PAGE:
Sidle up to your best friend at church. Tell your husband when you have a minute alone. Admit it to your mom, to your small group, to your grown child.
Or, if all else fails, look in the mirror and say it to yourself.
I am not OK.
Tell the people you love why you feel broken. Admit that you’re scared, that your coping mechanisms have sharp edges. Break open your heart in plain view and trust someone to cradle it in their hands.
Maybe it’s the baby you lost, or the depression that came after you had a healthy birth. Maybe it’s marriage or finances or mental health. Maybe it’s something in your past, maybe it’s something coming in the future, maybe you don’t yet know why you’re falling apart.
Admit the truth: I am not OK.
You think that healing will come when you get your crap together. You assume other people are whole and strong. You assume there’s something about you that makes you this way. You assume that a normal person would be whole.
We are all, every one of us, not-OK somehow.
Every. Last. One. Of. Us.
It’s not by papering over our sense of inadequacy that we heal. It’s by hunkering down in the middle of the mess and throwing up our hands that our hearts get nourished.
Where is your grief today? What emotion are you scared of facing? What is the truth you aren’t ready to say out loud? What do you think you’ve messed up, irrevocably?
Maybe, on paper, your issues look worse than other people’s. Maybe you have Honest-to-God labels that shame you, like bipolar or depressed or anxious, divorced, gay, female, doubter, control-freak, cynic.
Maybe you assume YOU are the problem.
We think normal is a party everyone else was invited to. But even if you showed up there at some point, it’s not a celebration worth sticking around past midnight for. When you finally leave the noise and hubbub, the men in sharp ties and the women in stiletto heels, you start gulping air.
You realize you hadn’t been breathing for a long time, because no one else mentioned pain, or grief, or bewilderment. You realized that others’ eyes were hard when they talked about how well they were doing. You realize they could not feel their own pain, much less comprehend yours.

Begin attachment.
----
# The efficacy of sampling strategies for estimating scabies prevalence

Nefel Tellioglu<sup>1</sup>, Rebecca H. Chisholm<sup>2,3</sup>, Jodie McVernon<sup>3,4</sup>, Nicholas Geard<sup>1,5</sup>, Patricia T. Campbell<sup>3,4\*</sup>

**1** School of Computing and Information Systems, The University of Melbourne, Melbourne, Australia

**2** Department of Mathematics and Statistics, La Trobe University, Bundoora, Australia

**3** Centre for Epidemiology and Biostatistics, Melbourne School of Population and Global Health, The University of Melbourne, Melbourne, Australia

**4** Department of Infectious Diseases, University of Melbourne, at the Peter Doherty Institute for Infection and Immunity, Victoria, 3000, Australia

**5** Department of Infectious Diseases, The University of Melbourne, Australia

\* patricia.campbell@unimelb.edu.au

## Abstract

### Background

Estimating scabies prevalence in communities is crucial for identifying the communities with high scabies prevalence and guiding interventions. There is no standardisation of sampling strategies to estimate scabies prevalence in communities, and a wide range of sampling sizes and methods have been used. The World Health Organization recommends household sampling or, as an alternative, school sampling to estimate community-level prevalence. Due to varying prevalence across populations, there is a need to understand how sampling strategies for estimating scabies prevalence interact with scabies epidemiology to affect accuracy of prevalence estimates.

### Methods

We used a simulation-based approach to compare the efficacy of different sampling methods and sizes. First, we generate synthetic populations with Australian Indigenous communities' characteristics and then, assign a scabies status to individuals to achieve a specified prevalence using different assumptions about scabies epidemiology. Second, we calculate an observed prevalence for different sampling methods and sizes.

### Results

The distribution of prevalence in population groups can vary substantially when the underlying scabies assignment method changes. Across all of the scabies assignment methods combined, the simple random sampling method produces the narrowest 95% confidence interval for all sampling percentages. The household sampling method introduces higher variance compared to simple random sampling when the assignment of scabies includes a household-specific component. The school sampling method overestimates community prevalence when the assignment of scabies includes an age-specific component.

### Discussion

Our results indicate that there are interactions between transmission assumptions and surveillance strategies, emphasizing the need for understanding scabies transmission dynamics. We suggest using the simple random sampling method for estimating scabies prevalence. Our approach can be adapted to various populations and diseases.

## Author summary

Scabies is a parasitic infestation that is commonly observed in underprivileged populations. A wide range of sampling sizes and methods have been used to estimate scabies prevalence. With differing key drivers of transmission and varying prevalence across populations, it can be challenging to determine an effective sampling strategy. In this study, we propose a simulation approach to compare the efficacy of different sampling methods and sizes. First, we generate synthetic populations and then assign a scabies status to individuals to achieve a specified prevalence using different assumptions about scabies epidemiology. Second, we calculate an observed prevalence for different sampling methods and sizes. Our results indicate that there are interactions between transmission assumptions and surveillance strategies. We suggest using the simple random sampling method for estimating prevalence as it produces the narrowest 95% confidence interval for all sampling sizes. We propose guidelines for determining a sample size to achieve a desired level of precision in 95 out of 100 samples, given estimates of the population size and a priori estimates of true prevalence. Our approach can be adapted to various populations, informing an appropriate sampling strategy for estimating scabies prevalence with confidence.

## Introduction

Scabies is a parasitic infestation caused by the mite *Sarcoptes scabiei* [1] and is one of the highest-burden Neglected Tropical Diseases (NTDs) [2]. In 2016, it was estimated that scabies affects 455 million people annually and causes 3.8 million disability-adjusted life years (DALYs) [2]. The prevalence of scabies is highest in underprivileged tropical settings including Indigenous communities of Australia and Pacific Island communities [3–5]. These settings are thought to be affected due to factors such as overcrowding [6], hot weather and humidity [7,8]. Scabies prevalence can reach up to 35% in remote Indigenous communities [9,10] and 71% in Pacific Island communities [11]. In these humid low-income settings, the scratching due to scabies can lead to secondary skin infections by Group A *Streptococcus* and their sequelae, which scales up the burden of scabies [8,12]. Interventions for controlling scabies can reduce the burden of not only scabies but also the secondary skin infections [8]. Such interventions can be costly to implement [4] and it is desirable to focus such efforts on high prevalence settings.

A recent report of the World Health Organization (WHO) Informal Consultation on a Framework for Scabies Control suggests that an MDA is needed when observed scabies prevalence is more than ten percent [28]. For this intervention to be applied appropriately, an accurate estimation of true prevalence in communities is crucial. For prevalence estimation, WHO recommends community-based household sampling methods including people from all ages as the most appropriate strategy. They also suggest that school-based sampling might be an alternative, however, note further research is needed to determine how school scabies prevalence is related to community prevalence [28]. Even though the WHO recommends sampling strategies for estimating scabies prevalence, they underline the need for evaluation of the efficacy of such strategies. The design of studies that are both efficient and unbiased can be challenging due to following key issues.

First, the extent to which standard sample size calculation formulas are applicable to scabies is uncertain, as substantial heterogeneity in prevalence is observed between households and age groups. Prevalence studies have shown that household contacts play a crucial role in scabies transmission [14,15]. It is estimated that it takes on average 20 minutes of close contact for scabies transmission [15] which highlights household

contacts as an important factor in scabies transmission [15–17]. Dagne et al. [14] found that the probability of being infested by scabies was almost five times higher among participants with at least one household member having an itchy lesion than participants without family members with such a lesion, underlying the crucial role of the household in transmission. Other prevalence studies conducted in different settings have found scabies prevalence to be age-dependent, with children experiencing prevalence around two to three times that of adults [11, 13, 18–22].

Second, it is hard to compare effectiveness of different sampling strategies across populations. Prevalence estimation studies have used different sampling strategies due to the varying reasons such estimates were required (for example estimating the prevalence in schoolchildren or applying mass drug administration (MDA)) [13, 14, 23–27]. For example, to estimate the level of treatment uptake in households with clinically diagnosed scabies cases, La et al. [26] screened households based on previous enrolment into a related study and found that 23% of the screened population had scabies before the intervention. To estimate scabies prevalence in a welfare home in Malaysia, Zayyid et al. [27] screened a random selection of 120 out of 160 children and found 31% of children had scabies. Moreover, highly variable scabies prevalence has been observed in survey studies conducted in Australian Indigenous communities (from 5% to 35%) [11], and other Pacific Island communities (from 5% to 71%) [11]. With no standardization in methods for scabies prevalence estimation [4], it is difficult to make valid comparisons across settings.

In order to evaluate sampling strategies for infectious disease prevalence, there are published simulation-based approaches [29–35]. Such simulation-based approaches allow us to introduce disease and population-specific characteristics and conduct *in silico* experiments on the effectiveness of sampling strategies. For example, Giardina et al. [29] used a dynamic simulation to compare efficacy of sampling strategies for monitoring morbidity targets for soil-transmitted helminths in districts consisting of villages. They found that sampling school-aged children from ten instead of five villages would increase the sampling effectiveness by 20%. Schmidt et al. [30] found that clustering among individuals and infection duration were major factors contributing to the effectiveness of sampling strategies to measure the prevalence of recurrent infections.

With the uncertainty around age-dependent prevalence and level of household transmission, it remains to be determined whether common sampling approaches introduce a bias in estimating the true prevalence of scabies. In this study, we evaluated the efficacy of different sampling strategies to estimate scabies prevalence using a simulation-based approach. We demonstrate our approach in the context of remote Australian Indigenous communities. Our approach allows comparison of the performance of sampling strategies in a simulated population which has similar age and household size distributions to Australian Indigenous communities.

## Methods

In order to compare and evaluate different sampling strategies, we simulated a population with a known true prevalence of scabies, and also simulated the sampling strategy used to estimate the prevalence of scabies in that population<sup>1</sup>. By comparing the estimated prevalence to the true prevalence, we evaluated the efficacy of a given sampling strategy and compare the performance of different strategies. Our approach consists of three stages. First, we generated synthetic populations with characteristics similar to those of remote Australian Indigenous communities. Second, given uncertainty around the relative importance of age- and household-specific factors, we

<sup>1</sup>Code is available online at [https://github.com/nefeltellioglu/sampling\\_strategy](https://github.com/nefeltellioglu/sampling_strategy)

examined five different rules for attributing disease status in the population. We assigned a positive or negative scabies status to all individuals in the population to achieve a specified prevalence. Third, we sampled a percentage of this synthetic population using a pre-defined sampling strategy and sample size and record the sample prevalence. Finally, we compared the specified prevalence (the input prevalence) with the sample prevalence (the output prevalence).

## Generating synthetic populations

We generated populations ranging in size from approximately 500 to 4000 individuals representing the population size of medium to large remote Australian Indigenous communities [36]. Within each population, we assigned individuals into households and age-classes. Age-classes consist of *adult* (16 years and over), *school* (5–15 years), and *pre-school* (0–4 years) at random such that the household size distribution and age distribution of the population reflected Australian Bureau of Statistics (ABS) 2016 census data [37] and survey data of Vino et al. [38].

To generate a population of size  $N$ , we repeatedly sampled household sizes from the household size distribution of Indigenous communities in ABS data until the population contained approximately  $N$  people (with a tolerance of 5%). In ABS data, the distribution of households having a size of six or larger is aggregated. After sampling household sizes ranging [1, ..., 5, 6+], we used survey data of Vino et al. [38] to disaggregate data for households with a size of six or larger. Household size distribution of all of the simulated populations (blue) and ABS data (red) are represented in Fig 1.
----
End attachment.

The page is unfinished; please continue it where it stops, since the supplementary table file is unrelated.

Outside, in the inky black, your heart slows down.
In the darkness, you can hear the sound of crickets instead of the clatter of bored voices.
You realize you don’t want to be normal anymore. You don’t want to fit in the boxes people line up for you. You want to stop pretending that people and church and your past don’t hurt you. You want to tell your story without apologizing. You want to tell it and make it beautiful.
When you do, you find that normal or not, you are not alone.
When you leave the party where everyone is normal, you can decide who you want to be. You can decide, some days, that you are not OK, and you can rejoice on others that you are. You can start seeing that the not-OK days are mixed with the hugs of children and light filtered through trees, and the bright fire of sunset.
You see that being not-normal, not-OK, brings the sharp brilliance of noticing and feeling and bearing witness into your life. It also means being tender, and vulnerable, and compassionate, and honest.
Outside, you find people in the glittering dark. … They’re not normal either, and they are relieved to catch your eye.
You greet one another with a holy kiss. You tell each other stories. You stay silent and unafraid. Sometimes, you sing.
And you realize, with a start, how much light there is outside in the dark: the bright brilliant stars, the calm changeable moon and the light of God inside of you, making you shine.